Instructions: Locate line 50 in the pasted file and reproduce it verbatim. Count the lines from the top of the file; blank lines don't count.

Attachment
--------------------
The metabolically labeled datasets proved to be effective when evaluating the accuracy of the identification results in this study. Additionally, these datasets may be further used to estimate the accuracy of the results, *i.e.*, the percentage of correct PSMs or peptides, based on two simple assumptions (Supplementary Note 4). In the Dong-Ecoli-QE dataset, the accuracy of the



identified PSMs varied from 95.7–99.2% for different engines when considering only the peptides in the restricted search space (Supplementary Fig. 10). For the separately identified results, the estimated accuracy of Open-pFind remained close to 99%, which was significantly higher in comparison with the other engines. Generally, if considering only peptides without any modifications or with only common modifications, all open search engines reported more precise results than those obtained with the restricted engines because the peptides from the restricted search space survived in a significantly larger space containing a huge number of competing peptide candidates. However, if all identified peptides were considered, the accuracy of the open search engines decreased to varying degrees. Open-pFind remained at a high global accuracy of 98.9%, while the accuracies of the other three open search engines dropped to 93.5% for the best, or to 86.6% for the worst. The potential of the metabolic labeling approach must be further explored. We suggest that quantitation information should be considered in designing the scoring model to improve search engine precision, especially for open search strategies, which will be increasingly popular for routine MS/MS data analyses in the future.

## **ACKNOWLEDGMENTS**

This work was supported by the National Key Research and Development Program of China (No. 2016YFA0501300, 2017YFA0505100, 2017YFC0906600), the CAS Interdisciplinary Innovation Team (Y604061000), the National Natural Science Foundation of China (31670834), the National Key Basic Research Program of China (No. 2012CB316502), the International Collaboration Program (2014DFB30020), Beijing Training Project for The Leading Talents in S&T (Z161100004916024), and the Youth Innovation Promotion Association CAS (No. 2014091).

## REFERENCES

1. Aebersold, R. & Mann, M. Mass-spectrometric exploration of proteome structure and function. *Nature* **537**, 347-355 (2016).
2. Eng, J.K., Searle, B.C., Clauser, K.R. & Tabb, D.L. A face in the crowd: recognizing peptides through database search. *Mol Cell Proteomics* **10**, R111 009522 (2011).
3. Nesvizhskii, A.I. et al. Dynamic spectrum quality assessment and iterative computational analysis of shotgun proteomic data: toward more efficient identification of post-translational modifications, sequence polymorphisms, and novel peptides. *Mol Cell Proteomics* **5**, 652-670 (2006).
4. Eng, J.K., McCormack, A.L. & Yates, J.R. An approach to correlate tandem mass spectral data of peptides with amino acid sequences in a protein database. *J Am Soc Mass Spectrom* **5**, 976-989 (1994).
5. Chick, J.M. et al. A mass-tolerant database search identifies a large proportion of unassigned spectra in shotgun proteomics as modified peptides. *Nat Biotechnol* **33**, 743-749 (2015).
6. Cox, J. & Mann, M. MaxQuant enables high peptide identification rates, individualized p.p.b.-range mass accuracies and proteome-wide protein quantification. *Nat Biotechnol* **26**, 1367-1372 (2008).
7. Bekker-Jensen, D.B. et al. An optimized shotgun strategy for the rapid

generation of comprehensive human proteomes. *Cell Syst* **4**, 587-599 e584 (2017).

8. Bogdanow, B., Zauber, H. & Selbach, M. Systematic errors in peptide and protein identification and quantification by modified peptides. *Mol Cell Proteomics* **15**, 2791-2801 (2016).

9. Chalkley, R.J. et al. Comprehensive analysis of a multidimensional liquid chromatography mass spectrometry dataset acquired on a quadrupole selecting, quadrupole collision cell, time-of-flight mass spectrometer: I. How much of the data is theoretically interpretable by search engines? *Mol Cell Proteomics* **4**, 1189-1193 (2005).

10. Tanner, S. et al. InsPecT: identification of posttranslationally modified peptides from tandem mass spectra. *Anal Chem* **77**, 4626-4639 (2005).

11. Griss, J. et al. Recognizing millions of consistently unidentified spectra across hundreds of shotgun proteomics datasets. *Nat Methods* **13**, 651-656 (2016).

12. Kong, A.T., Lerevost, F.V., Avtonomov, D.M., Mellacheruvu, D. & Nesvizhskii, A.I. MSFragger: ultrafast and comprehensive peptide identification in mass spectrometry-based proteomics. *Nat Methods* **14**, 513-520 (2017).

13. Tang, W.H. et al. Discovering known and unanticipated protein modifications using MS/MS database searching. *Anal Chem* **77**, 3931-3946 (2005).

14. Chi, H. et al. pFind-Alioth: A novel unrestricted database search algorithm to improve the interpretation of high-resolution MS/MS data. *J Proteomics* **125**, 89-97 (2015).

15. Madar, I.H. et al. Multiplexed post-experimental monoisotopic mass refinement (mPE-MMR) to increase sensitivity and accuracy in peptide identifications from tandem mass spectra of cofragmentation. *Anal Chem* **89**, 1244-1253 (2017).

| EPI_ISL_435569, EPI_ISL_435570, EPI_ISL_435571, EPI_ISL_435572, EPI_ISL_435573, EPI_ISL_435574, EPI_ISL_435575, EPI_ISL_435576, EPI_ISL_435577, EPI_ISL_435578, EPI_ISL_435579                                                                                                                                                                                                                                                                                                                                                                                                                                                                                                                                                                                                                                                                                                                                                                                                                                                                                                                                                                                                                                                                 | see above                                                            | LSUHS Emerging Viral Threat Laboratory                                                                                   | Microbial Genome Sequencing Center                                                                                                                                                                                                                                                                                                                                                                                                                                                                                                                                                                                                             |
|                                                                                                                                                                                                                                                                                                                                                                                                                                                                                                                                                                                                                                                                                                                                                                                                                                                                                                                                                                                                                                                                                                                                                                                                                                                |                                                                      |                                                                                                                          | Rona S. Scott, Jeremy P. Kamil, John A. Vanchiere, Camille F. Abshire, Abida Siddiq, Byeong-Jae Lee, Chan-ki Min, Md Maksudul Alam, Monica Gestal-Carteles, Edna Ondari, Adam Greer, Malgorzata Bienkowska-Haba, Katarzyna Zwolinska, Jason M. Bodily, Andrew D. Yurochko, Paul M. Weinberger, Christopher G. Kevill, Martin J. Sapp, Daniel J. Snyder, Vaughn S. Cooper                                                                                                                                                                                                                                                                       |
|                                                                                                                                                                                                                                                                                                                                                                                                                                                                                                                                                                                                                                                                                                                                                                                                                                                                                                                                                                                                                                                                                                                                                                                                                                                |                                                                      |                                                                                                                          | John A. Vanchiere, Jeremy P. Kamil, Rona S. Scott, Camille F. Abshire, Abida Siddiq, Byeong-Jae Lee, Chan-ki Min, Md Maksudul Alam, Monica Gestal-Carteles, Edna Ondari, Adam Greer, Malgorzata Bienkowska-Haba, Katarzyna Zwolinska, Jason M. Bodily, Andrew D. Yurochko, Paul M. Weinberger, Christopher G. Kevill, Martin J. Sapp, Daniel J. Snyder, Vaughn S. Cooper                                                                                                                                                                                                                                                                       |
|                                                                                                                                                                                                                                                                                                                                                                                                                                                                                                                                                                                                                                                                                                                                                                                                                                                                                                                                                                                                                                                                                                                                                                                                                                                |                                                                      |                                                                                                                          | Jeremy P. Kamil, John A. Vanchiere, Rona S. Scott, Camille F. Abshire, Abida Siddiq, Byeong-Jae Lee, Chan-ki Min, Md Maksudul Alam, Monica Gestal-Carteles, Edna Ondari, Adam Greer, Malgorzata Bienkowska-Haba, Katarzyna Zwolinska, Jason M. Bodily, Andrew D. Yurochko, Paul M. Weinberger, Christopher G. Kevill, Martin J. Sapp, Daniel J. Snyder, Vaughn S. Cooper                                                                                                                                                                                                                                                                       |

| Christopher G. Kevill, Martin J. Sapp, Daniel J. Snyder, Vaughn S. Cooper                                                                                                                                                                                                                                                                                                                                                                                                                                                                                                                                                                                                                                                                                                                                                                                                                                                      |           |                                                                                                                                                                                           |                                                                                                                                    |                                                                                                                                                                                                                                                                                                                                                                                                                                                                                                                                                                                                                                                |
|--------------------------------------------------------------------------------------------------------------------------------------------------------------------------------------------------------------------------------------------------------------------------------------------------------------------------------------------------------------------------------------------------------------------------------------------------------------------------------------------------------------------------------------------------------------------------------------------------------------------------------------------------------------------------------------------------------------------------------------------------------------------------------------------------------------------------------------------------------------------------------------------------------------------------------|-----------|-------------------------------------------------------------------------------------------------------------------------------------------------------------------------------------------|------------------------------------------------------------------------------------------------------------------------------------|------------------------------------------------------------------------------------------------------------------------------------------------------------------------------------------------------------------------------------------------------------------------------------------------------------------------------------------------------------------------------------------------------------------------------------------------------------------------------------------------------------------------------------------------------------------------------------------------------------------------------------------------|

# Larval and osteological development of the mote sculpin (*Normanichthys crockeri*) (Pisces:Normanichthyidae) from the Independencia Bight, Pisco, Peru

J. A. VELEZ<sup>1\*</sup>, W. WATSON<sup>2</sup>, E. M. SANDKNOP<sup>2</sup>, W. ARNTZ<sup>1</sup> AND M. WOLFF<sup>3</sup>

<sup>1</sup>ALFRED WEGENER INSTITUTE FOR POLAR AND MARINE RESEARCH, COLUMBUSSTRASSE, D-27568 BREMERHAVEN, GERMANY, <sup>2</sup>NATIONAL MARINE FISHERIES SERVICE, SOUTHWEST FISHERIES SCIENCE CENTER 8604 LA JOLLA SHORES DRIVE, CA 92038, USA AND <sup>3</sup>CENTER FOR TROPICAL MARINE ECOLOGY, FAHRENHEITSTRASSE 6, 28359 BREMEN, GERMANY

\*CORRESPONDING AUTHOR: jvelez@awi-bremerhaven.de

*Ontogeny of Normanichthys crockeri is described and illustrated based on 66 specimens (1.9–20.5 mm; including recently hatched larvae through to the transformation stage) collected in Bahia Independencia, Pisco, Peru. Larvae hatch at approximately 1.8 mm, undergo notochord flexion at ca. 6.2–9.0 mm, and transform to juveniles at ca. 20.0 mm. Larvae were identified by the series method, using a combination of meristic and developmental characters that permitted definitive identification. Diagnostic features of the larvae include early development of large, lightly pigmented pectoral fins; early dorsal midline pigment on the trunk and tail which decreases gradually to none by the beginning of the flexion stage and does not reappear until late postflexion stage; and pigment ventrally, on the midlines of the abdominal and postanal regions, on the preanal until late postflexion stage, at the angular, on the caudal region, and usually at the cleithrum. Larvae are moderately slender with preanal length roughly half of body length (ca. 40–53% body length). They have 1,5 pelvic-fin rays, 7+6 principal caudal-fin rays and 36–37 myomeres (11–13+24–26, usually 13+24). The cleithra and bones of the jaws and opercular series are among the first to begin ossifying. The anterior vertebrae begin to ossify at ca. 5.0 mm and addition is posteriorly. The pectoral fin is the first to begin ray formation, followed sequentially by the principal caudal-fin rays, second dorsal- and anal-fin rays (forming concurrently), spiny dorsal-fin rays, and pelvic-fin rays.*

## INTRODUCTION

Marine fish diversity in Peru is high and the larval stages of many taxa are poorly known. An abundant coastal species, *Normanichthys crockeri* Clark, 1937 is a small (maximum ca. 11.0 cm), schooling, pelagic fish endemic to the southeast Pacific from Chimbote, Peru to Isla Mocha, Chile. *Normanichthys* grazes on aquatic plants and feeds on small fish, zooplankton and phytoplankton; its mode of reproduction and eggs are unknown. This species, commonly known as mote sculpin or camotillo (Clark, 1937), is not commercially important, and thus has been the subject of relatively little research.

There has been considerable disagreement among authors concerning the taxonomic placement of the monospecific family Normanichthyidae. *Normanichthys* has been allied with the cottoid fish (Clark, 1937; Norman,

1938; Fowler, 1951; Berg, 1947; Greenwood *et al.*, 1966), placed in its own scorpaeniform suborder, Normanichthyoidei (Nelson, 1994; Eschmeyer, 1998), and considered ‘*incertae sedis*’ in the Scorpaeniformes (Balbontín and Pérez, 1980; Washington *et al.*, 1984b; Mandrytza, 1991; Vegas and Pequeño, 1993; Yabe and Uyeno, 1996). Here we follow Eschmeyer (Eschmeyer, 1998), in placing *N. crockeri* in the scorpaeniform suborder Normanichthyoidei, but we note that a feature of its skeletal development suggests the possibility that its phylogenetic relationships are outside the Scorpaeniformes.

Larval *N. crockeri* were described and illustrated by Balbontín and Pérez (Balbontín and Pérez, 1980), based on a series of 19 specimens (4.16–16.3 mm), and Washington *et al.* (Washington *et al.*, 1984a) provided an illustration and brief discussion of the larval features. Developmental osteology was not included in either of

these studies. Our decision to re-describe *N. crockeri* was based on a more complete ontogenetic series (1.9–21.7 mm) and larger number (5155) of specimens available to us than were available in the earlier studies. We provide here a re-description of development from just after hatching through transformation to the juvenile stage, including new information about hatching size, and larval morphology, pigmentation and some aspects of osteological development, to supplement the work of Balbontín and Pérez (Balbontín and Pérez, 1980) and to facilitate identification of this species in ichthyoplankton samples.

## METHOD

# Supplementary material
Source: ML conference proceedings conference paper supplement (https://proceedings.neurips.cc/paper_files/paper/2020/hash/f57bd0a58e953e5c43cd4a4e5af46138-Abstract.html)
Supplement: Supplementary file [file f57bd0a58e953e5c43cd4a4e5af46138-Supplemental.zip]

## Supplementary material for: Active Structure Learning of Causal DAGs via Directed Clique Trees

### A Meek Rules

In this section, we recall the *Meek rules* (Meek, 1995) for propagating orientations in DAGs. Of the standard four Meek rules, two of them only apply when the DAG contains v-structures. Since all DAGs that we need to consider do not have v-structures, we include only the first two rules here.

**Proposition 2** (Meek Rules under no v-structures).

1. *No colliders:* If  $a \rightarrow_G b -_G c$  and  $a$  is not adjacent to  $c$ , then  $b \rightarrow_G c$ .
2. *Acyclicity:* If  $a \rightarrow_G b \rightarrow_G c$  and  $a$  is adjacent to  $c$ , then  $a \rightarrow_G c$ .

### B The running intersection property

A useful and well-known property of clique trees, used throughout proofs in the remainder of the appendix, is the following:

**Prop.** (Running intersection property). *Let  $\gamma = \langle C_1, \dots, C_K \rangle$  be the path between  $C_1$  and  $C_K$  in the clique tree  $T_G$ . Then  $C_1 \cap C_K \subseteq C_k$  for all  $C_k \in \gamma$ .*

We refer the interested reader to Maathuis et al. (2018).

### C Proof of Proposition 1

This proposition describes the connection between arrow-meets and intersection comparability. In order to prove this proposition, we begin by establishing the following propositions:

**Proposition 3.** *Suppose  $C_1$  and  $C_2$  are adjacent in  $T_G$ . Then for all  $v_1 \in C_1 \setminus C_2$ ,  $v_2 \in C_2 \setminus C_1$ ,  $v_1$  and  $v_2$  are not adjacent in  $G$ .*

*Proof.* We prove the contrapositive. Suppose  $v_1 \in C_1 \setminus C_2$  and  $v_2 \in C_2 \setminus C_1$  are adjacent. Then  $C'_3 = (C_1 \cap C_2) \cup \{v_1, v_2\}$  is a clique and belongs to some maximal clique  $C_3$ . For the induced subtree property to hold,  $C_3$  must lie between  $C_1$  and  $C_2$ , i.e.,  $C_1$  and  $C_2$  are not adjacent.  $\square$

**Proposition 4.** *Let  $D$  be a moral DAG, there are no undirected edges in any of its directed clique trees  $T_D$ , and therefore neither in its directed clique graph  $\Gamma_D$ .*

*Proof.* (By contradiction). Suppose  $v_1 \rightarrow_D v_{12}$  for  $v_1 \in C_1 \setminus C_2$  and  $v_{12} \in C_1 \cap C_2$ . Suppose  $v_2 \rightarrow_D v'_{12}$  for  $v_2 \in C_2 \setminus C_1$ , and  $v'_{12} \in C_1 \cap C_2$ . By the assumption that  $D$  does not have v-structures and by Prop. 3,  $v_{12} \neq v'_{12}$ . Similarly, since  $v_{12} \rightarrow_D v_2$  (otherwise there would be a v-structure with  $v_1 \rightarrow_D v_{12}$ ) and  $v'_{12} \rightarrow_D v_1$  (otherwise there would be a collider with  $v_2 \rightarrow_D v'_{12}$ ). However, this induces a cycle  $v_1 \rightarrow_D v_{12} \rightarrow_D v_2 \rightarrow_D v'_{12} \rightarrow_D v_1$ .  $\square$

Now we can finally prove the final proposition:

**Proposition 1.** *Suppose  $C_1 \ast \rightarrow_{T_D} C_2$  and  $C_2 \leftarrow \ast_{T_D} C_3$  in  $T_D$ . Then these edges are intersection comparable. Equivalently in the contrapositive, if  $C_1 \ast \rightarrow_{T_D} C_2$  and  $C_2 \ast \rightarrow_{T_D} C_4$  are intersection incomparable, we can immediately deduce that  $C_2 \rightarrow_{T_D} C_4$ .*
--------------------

A useful and well-known property of clique trees, used throughout proofs in the remainder of the appendix, is the following: